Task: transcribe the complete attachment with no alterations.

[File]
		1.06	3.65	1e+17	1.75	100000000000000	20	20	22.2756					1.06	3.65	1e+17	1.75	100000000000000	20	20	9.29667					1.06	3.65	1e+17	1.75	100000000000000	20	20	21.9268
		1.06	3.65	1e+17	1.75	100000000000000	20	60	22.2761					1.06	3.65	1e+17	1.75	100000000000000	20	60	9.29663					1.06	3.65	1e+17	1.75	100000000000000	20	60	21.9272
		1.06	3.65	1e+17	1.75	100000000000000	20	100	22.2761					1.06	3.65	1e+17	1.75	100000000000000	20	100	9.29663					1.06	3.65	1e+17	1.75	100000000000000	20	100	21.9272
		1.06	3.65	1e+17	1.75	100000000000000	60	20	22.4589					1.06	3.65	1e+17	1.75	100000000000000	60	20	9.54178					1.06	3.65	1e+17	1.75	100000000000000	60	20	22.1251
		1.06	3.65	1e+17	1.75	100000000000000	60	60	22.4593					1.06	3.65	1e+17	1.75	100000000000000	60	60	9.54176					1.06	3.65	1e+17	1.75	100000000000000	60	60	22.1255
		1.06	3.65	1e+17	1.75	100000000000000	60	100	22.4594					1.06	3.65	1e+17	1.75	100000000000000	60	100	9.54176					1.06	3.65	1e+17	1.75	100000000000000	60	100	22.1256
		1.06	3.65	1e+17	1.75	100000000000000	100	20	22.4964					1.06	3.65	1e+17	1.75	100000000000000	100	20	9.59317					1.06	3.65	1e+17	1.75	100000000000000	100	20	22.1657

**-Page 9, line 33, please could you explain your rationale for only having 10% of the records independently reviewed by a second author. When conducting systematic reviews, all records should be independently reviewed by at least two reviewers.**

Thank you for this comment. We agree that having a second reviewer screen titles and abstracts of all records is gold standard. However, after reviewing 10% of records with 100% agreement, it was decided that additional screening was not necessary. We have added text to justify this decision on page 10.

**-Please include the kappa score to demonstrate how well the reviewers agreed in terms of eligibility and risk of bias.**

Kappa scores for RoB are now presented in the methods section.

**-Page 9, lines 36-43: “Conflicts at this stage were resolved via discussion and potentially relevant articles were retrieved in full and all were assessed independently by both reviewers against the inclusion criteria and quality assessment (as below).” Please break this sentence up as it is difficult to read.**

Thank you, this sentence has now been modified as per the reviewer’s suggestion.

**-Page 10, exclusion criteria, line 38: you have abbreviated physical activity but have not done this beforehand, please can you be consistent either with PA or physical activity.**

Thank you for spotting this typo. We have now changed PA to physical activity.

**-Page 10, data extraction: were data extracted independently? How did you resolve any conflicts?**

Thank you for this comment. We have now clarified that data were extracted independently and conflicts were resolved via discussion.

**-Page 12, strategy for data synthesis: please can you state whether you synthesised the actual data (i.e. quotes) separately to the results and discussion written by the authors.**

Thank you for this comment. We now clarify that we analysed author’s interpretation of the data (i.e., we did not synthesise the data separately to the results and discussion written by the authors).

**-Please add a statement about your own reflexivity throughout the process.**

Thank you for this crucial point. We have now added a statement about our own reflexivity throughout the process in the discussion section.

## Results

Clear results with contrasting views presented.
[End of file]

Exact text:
		1.06	3.65	1e+17	1.75	100000000000000	20	20	22.2756					1.06	3.65	1e+17	1.75	100000000000000	20	20	9.29667					1.06	3.65	1e+17	1.75	100000000000000	20	20	21.9268
		1.06	3.65	1e+17	1.75	100000000000000	20	60	22.2761					1.06	3.65	1e+17	1.75	100000000000000	20	60	9.29663					1.06	3.65	1e+17	1.75	100000000000000	20	60	21.9272
		1.06	3.65	1e+17	1.75	100000000000000	20	100	22.2761					1.06	3.65	1e+17	1.75	100000000000000	20	100	9.29663					1.06	3.65	1e+17	1.75	100000000000000	20	100	21.9272
		1.06	3.65	1e+17	1.75	100000000000000	60	20	22.4589					1.06	3.65	1e+17	1.75	100000000000000	60	20	9.54178					1.06	3.65	1e+17	1.75	100000000000000	60	20	22.1251
		1.06	3.65	1e+17	1.75	100000000000000	60	60	22.4593					1.06	3.65	1e+17	1.75	100000000000000	60	60	9.54176					1.06	3.65	1e+17	1.75	100000000000000	60	60	22.1255
		1.06	3.65	1e+17	1.75	100000000000000	60	100	22.4594					1.06	3.65	1e+17	1.75	100000000000000	60	100	9.54176					1.06	3.65	1e+17	1.75	100000000000000	60	100	22.1256
		1.06	3.65	1e+17	1.75	100000000000000	100	20	22.4964					1.06	3.65	1e+17	1.75	100000000000000	100	20	9.59317					1.06	3.65	1e+17	1.75	100000000000000	100	20	22.1657

**-Page 9, line 33, please could you explain your rationale for only having 10% of the records independently reviewed by a second author. When conducting systematic reviews, all records should be independently reviewed by at least two reviewers.**

Thank you for this comment. We agree that having a second reviewer screen titles and abstracts of all records is gold standard. However, after reviewing 10% of records with 100% agreement, it was decided that additional screening was not necessary. We have added text to justify this decision on page 10.

**-Please include the kappa score to demonstrate how well the reviewers agreed in terms of eligibility and risk of bias.**

Kappa scores for RoB are now presented in the methods section.

**-Page 9, lines 36-43: “Conflicts at this stage were resolved via discussion and potentially relevant articles were retrieved in full and all were assessed independently by both reviewers against the inclusion criteria and quality assessment (as below).” Please break this sentence up as it is difficult to read.**

Thank you, this sentence has now been modified as per the reviewer’s suggestion.

**-Page 10, exclusion criteria, line 38: you have abbreviated physical activity but have not done this beforehand, please can you be consistent either with PA or physical activity.**

Thank you for spotting this typo. We have now changed PA to physical activity.

**-Page 10, data extraction: were data extracted independently? How did you resolve any conflicts?**

Thank you for this comment. We have now clarified that data were extracted independently and conflicts were resolved via discussion.

**-Page 12, strategy for data synthesis: please can you state whether you synthesised the actual data (i.e. quotes) separately to the results and discussion written by the authors.**

Thank you for this comment. We now clarify that we analysed author’s interpretation of the data (i.e., we did not synthesise the data separately to the results and discussion written by the authors).

**-Please add a statement about your own reflexivity throughout the process.**

Thank you for this crucial point. We have now added a statement about our own reflexivity throughout the process in the discussion section.

## Results

Clear results with contrasting views presented.